Wednesday Feb 28

NorwoodNick Nick Norwood’s poems have appeared in a wide range of journals, including The Paris Review, Shenandoah, Southwestern American Literature, The Wallace Stevens Journal, Poetry Daily, and many others. His third full volume of poetry, Gravel and Hawk, won the Hollis Summers Prize in Poetry and was published by Ohio University Press in 2012. His other books are A Palace for the Heart (2004) and The Soft Blare (2003), and the limited edition, fine press book Wrestle (2007), which he produced in collaboration with the artist Erika Adams. He teaches at Columbus State University in Georgia. His website can be found here.

Eagle & Phenix Dam
Columbus, Georgia


An immense weight of water piles
behind the old millrace and dam,
its rough stonework and masonry,
lip a cutting edge the river laps

over smooth as Tiffany glass.
Dark jade frothing into a white
lacy cacophony: a motion
picture of time passing, relentless

and loud but jeweled with the rope
pearl necklaces of its own spray,
veiled in mists for herons to lope
through as in plates by Audobon.

They’re tearing it down to make way
for whitewater rafting, mill life
long dead, downtown become a haven
for recreation, bars, bike shops,

a bus station barbecue joint;
the mill itself become a hive
of loft apartments, a poet
the resident in Unit 412

with a balcony overlooking
the falls, the redbrick powerhouse
with its massive turbines and rusting
picturesque cast-iron workings.

The empty boiler’s phallic smokestacks
peer through his high windows, a pair
of brick cannon barrels that loom
over what used to be a floor

fitted out with the shuttle and loom,
cast shadows born of starlight over
him while he’s snoring. And the river,
wronged or righted, one way or

another, keeps right on roaring.


The midday blast rattled the glass
and made the old mill tremble.
A civic spectacular
viewable via the “dam cam”
on the Internet. When the dust

and smoke subsided, the flue
of brickred run its course
in the river current, what was left
was the ragged hole
in the venerable wall the engineers

had intended, the Chattahoochee
freed at least of this one shackle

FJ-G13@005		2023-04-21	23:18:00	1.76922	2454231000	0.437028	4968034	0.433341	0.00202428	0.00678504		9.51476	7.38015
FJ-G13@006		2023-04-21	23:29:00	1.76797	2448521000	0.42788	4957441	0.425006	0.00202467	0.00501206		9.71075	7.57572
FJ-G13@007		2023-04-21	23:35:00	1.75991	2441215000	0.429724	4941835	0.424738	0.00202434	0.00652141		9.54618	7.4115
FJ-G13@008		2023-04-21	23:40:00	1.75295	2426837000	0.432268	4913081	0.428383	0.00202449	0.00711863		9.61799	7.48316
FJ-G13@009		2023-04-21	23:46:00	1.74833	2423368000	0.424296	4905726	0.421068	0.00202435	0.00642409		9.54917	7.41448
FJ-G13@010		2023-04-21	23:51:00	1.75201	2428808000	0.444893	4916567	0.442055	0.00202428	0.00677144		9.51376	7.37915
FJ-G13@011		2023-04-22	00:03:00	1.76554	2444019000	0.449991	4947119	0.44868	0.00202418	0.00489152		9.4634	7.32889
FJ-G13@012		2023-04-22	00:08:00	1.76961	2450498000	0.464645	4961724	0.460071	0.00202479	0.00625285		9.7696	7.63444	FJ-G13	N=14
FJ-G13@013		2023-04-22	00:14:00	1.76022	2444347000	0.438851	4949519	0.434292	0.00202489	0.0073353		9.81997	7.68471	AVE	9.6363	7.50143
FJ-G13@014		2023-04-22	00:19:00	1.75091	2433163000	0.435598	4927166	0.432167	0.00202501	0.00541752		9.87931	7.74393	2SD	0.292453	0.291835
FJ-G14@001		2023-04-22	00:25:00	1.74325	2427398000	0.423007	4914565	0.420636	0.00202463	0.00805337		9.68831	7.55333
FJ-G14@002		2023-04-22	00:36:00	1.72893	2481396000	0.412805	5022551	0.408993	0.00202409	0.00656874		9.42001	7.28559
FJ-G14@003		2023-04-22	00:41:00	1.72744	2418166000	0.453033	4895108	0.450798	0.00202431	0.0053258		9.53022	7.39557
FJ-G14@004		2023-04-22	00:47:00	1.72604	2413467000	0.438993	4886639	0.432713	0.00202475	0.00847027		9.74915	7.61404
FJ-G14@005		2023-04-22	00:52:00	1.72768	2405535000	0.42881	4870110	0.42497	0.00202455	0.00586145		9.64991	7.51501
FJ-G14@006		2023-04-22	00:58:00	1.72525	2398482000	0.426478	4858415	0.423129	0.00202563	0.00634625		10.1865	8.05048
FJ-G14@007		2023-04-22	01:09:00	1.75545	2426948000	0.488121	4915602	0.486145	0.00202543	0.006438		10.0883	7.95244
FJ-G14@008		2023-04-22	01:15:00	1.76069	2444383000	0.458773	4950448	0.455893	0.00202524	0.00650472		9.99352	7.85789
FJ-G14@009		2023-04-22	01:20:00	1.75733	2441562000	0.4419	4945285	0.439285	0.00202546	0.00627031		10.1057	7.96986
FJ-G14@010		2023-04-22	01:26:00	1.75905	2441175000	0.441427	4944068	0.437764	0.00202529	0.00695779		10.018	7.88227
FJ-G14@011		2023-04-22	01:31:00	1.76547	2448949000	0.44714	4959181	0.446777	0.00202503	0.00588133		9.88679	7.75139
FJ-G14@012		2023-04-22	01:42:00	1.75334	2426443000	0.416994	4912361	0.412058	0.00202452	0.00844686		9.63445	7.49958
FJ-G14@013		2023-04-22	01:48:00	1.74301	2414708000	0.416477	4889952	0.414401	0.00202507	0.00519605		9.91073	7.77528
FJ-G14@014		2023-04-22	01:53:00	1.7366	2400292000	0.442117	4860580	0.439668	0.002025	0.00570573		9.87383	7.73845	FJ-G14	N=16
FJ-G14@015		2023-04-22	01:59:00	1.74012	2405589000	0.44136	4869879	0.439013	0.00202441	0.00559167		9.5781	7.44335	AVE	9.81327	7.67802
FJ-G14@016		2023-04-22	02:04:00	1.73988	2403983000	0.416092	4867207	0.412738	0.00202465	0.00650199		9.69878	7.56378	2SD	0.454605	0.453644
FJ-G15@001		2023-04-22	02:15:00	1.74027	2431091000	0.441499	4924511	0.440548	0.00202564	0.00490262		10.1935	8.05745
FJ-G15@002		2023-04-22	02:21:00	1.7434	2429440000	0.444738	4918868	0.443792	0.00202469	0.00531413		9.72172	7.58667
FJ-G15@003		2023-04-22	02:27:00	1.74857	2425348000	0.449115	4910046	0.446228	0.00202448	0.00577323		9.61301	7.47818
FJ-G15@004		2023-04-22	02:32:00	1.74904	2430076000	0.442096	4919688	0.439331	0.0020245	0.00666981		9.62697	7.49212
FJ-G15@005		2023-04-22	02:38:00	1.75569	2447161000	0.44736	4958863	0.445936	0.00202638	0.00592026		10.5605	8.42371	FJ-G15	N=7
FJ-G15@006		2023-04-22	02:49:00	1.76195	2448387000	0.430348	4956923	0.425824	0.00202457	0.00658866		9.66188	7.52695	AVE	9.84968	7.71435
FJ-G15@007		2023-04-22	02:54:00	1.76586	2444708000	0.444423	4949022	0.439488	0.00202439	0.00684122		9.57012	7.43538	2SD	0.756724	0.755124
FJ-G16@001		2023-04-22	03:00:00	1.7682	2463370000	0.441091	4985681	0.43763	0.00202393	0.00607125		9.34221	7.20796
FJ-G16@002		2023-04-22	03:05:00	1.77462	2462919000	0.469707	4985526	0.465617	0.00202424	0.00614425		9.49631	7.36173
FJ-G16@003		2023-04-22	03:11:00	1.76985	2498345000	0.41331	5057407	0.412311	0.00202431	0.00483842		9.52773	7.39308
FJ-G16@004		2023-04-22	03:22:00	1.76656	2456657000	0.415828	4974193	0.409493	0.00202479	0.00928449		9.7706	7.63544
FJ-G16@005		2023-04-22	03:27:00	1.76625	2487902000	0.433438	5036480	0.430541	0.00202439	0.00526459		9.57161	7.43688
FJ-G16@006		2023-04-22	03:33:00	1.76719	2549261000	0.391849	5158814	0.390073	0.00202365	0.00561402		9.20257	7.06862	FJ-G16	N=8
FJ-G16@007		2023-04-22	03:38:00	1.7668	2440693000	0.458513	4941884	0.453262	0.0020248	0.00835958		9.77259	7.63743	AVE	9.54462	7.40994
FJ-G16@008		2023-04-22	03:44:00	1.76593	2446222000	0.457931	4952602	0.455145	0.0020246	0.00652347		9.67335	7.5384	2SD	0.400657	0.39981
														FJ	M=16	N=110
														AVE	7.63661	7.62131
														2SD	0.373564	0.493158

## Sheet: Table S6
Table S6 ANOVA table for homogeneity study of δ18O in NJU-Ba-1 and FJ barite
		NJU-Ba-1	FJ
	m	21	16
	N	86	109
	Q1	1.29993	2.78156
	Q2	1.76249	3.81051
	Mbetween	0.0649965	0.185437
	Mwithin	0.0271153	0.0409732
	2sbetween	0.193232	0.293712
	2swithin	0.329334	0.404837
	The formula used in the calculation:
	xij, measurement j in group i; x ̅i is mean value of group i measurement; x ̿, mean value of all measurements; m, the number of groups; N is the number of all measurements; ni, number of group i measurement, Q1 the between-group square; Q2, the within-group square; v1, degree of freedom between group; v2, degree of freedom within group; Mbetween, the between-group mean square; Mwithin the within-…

after a hundred and fifty years.
It gushed through the gap
playful as a week-old calf.

What rose, within days,
was an intolerable stench:
an overbearing sulfurous must
that hung about for a month,
made of decaying wood mixed

with riverbed mud, fish guts,
cotton-mill chemicals, and such
as the dam kept hid a century
and more and the breach
brought out into the open.

From the powerhouse catwalk,
looking down: the heart pine timbers
and decking of the antique
pre-masonry structure still
intact, now a jumble, a pile

of matchsticks studded
with corroded car parts, tires,
shopping carts, scuttled craft,
a timeline of the lost working-class’s
fishing gear huddled near

the mouth of the old millrace
like the heap of history,
the archaeological swag
searchers find in a burial pit:
a charmed member of the ruling class’s

scattered bones and funereal kit
meant to aid his passage
into the other world, into
the next world, into some promised
prayed-for eternal world.

Remains of a Brick Kiln Built by Slaves

In the quiet of a stand of pines
on a remote stretch of the Natchez Trace,
a few hundred yards from the house
that was an eighteenth-century inn

and from their own burial ground
with its mostly unmarked graves,
these few bricks buried flush
to the surface float like sinking ships

in that last buoyancy of air trapped
near cabin and stateroom ceiling,
before the prow dips, the sleek hull slides
toward the deep bottom, where it will lie

undisturbed but for the hauntings
of the unperceiving,
for centuries decaying into itself
until a salvage crew comes calling,

its intrepid discoverers, men and women
the past could not imagine, probing
in wonder, delight, intelligent thrill
at what they cannot understand.

The King’s Party

On his bed of twenty thousand shells
hauled up from the Gulf, he lies
in Cahokia Mound 72
ten miles from the Gateway Arch.

The Great Leader, six foot two,
his seashell bed arranged in the shape
of an eagle or hawk
to fly him to the upper world,

surrounded by arrow points,
the bones of over fifty concubines
and his four most trusted advisors,
their heads and hands cut off

but their arms interlocked
as if to dance him toward his flight,
assorted grave goods,
a sheet of mica to keep him warm.

Just a stone’s throw from the river
that birthed his culture
and the city of St. Louis,
its downtown core studded

with skyscrapers and ringed
by slums, then suburbs, then farms
scattered like stars
and connected by highways,

a scene which seen from the air
looks, at night, like constellations,
by day, a village midden
or ancient burial site.